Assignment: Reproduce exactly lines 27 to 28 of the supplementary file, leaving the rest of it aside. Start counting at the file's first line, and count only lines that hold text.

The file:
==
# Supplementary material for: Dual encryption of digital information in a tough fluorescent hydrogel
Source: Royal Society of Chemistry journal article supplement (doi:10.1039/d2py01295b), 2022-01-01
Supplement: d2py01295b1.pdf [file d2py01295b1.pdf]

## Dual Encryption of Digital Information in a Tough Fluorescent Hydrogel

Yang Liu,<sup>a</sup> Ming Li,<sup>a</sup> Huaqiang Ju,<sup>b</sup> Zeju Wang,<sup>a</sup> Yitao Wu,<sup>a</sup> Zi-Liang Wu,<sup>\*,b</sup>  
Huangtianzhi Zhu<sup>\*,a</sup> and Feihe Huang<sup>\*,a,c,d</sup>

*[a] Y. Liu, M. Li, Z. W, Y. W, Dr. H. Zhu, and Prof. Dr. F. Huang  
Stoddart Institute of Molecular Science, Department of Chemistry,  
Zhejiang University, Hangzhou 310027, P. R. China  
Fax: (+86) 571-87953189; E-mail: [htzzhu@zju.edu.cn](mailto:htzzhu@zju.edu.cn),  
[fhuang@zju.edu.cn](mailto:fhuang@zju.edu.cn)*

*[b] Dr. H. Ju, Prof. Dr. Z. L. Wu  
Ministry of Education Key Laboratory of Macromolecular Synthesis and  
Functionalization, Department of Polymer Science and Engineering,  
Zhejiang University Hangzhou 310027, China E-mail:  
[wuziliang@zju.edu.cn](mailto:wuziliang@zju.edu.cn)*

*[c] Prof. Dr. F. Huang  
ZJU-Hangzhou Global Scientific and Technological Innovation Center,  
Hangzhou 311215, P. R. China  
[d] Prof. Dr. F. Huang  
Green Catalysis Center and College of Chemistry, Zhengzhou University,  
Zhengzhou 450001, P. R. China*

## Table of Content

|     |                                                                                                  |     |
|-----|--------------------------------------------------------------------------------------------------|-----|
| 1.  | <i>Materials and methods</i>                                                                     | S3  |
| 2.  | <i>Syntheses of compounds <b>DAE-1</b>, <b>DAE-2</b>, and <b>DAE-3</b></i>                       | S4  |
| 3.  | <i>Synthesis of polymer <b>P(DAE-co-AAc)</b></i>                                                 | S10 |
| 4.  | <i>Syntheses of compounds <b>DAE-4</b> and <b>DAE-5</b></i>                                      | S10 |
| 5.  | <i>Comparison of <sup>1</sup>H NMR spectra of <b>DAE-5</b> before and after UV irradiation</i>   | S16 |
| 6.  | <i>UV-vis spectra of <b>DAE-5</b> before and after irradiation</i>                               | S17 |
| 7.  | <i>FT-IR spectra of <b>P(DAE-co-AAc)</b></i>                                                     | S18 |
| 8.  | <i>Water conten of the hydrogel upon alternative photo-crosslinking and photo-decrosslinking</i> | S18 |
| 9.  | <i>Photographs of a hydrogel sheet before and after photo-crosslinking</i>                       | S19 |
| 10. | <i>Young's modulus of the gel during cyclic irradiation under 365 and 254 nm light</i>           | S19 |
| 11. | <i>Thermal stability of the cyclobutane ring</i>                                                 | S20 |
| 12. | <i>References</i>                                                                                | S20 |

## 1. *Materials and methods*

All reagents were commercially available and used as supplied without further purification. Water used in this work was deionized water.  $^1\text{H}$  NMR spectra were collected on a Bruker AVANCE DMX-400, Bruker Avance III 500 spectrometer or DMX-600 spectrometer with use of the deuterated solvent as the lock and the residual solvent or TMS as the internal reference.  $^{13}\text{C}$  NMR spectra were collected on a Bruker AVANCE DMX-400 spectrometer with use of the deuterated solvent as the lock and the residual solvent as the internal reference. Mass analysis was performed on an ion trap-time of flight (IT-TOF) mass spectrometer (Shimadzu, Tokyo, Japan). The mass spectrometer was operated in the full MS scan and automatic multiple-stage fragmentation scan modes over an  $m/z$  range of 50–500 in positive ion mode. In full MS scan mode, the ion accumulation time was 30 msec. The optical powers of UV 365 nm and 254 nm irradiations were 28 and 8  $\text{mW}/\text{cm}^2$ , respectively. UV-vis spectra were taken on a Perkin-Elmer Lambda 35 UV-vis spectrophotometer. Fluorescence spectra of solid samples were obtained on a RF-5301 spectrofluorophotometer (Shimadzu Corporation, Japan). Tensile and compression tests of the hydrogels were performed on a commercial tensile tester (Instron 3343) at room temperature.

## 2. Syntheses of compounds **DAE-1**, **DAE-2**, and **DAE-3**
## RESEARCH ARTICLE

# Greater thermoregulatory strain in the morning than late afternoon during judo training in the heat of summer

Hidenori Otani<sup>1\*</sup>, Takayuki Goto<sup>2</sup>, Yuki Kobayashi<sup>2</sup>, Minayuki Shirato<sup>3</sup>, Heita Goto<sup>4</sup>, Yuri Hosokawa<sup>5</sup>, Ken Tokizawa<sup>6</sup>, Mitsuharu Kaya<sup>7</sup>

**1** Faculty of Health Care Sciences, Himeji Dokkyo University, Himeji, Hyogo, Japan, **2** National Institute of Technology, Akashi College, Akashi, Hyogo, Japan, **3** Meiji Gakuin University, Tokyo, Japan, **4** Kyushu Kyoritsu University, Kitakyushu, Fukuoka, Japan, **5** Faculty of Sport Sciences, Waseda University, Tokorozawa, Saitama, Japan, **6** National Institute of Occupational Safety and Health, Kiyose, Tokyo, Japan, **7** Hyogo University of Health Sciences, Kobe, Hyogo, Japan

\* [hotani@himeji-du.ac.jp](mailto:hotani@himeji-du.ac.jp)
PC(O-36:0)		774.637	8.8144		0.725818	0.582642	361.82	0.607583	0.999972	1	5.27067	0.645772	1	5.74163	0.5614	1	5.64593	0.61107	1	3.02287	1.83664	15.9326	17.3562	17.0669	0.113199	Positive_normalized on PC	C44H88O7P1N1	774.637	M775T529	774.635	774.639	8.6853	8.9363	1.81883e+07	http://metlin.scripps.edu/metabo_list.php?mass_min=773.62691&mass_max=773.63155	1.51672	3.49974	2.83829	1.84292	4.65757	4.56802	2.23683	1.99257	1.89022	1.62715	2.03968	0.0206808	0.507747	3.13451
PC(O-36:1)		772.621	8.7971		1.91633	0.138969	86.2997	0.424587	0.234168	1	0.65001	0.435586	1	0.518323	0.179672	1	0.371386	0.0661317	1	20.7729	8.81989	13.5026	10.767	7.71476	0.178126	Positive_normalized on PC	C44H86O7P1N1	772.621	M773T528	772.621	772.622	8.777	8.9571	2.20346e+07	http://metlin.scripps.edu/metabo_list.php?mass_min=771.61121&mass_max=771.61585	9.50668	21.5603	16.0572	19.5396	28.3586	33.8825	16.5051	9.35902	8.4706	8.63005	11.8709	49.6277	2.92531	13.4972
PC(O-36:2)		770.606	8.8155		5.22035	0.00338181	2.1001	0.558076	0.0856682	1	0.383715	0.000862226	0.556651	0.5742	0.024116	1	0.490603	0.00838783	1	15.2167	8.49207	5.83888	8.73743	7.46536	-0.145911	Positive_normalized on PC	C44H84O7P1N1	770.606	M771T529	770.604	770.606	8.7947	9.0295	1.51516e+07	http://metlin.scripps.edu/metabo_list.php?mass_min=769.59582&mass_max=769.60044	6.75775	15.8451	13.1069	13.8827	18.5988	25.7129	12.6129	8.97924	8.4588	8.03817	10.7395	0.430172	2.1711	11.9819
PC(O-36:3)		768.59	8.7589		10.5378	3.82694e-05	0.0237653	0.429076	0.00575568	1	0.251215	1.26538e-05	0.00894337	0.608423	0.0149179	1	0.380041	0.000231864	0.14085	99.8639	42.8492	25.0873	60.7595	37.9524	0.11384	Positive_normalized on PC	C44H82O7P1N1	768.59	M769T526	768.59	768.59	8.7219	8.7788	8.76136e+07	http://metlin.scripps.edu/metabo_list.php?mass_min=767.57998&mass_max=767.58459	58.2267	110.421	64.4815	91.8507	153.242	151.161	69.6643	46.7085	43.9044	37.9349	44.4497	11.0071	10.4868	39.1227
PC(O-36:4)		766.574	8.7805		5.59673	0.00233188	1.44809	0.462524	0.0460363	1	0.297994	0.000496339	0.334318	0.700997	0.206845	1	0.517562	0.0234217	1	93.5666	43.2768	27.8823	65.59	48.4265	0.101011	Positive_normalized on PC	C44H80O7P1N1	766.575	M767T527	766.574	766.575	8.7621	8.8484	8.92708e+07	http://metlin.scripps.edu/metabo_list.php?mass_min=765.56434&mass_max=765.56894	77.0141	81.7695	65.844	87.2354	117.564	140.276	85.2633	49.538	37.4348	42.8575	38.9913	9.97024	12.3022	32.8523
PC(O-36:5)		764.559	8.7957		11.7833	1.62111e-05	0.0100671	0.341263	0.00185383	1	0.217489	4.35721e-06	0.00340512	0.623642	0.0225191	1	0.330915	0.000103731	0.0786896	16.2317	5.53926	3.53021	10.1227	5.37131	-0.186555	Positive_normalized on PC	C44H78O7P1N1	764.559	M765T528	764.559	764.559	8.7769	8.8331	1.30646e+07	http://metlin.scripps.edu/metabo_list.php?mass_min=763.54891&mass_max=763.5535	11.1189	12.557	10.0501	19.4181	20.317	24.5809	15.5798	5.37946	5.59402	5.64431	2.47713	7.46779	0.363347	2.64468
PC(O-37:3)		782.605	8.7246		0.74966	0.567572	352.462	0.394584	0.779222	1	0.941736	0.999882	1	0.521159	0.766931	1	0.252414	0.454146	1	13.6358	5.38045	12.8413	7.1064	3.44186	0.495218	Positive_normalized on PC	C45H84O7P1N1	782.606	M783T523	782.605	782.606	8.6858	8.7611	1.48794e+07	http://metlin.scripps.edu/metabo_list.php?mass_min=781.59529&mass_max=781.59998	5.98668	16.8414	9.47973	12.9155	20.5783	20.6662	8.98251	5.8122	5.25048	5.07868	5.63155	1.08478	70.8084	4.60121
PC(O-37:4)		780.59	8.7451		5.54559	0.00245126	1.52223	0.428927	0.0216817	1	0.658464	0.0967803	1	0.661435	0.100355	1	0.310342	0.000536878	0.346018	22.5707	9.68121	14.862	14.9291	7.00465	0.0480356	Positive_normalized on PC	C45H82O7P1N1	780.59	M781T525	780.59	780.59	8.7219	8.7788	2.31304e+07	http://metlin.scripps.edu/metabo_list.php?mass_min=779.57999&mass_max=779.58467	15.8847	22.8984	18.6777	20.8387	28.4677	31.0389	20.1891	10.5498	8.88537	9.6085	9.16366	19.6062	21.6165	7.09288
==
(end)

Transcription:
| 2.  | <i>Syntheses of compounds <b>DAE-1</b>, <b>DAE-2</b>, and <b>DAE-3</b></i>                       | S4  |
| 3.  | <i>Synthesis of polymer <b>P(DAE-co-AAc)</b></i>                                                 | S10 |